Billings Central High students placed first last week at the Montana Science Olympiad in the high school division. It was their second year competing in the annual statewide science tournament.
Their efforts earned them two gold medals, four silvers, two bronzes and the opportunity to represent Montana at the national competition in May.
“Many schools take this competition very seriously and have been competing for decades, so to win it in only our second year is particularly impressive to me,” said Greg Williams, Central’s Olympiad coach.
Last year, Williams said, the team took seventh place with very little invested time and effort.
“This year, we came in dedicated and put in a lot of time and effort,” he said. “We came out firing, and sure enough, we won.”
Billings Central bested Fergus High School, which finished second. Helena High School finished third.
Science Olympiad is an annual competition where students compete in science and engineering events. Competitors and their projects are tested and judged on their knowledge from astronomy to forensics and hands-on events like building elastic glider launches and robots.
The 28th annual state competition hosted by Montana State University’s Math-Science Resource Center drew 1,300 high school and middle school students.
Tim Lyle and Elliot Hagan, both Central High juniors, were one team among 40 high school teams that participated in the Magnetic Leviation competition. Competitors constructed magnetically levitated vehicles with battery-powered motors that generate two propellers to move the robot vehicle down a magnetic track.
The project was judged on how fast the vehicle traveled and how much the vehicle weighed. Other components of their score were a written test about magnetism and how closely they predicted the time it would take for the vehicle to travel the track.
The teams were told the track would be in the range of 50 to 95 centimeters long when they built their model vehicles, so their prediction was based on trial runs while they built and tested their project.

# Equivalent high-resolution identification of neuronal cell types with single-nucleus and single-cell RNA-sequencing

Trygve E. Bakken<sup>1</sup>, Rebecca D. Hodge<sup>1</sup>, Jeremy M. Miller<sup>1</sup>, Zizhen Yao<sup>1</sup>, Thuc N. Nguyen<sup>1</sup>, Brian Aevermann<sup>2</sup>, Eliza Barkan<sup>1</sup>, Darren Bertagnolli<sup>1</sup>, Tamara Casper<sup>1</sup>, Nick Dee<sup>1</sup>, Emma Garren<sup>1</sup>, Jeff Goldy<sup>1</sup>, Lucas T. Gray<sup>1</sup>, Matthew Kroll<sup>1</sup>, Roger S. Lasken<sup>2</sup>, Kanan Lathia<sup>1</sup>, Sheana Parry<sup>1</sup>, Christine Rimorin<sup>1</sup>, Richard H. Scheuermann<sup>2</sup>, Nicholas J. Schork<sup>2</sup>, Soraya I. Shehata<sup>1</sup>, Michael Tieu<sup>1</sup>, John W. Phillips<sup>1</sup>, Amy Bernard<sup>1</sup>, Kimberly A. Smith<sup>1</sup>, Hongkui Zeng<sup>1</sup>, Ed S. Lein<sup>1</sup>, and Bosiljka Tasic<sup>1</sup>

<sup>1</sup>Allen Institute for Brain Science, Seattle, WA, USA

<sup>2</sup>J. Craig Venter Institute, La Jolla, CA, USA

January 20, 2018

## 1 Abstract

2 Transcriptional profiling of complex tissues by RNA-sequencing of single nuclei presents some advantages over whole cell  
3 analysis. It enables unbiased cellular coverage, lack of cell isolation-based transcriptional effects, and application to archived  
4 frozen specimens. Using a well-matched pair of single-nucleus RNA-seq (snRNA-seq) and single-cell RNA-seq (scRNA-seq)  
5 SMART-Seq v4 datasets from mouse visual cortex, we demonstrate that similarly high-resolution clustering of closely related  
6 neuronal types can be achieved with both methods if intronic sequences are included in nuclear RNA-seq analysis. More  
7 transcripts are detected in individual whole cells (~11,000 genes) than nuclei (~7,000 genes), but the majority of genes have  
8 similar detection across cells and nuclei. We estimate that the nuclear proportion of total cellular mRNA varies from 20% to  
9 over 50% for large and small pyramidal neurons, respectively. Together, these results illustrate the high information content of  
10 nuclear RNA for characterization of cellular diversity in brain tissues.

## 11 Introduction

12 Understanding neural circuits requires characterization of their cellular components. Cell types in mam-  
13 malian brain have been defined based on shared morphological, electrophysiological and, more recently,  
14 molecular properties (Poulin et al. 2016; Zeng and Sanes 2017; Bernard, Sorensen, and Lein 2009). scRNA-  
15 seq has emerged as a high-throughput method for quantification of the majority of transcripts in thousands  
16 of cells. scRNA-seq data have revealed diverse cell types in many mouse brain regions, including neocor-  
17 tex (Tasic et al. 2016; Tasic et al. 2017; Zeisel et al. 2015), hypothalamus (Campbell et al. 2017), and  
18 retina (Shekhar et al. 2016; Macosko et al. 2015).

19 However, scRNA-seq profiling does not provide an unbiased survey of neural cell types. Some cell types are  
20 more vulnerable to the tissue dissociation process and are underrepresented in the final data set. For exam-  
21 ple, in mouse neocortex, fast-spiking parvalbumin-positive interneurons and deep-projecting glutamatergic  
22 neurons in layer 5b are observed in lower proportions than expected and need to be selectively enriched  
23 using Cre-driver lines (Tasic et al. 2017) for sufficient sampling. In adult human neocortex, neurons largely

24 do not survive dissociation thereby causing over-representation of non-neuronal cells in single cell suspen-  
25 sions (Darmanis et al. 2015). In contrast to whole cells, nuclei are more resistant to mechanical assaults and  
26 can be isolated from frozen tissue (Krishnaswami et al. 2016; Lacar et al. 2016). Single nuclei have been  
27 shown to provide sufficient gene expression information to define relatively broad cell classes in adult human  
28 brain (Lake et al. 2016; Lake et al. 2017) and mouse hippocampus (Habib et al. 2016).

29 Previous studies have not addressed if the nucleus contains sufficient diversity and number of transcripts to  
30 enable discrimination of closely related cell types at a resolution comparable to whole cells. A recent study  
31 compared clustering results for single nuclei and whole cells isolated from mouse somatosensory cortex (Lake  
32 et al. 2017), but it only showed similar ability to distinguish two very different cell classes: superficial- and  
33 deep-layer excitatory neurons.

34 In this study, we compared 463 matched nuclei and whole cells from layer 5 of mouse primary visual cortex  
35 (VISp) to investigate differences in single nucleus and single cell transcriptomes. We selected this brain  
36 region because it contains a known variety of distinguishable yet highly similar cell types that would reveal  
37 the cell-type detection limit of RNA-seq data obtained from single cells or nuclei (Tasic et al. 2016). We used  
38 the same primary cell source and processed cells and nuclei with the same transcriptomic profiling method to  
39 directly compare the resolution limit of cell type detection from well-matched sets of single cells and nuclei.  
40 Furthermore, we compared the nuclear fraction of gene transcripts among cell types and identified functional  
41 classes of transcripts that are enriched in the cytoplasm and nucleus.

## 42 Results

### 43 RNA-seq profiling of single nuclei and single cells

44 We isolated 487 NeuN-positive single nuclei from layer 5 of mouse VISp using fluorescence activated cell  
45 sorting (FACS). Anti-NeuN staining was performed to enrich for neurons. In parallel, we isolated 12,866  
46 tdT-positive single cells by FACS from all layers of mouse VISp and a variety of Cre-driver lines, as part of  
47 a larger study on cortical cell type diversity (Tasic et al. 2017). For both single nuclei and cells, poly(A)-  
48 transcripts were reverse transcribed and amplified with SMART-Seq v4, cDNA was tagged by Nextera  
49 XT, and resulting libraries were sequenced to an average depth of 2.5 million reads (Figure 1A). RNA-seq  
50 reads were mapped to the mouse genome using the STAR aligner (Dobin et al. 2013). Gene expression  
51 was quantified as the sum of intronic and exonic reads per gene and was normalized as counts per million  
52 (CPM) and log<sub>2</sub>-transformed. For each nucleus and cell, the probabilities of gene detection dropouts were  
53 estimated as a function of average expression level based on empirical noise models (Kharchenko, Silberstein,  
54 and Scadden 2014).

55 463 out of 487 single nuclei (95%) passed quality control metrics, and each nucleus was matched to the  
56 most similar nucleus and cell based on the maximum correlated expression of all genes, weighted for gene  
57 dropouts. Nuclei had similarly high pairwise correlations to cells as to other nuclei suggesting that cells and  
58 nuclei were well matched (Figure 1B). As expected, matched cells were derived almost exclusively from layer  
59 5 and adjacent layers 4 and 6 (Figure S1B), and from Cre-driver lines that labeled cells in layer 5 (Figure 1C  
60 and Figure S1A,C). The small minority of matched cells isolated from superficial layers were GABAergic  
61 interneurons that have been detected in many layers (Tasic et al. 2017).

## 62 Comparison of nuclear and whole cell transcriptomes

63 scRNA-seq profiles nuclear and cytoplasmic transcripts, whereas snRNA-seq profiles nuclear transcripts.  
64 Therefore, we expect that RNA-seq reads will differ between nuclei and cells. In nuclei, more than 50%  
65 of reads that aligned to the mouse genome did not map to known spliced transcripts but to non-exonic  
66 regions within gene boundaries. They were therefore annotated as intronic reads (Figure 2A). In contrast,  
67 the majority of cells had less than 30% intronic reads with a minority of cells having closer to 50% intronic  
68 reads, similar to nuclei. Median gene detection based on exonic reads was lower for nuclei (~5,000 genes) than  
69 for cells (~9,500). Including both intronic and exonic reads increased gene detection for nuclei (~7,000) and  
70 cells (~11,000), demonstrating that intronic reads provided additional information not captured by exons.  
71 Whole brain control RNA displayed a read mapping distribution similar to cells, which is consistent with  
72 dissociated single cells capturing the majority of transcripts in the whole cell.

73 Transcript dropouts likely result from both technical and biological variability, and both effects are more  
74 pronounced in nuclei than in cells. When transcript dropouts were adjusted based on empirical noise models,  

“There was a lot of trial and error involved,” Hagan said. “And we’ll go through that again as we work to perfect the weight and balance for nationals.”
The team said the model represents a transportation system that runs on a strong magnetic system, a public railway system Japan has used for decades.
“It’s a very efficient way of transportation that could someday become the way of transportation in the United States,” Lyle said. “But it’s also pretty expensive.”
The pair said their coach, Williams, has been one of their favorite teachers since first period of their freshman year. It was Lyle and Hagan’s first high school class, and it was Williams’ first time teaching.
Williams, a geometry and advanced placement stats teacher at Central, participated in Science Olympiad while he was in junior high and helped establish a team while in high school. He graduated from the Massachusetts Institute of Technology in 2006 with an aerospace engineering degree.
As the students and their coach prepare projects for the national Science Olympiad at Wright State University in Dayton, Ohio, this spring, Hagen said they will focus on perfecting the weight and balance of the vehicle by experimenting with different propellers and batteries.
Preparation also means fundraising.
Williams said they aren’t sure what their fundraising game plan is yet, but it will cost upward of $20,000 to get Central’s teams to the national competition.
They will compete against nearly 6,400 teams from all 50 states for awards, trophies, trips, cash scholarships and tuition stipends. In 2010, The University of Illinois at Urbana-Champaign awarded four-year full-ride scholarships for all high school gold medal winners, valued at more than $100,000 each.
“It’s an incredible opportunity for our students,” said Williams. “And you couldn’t ask for a better group of kids. Beyond their hard work and preparation, they exhibit respect, professionalism and sportsmanship.”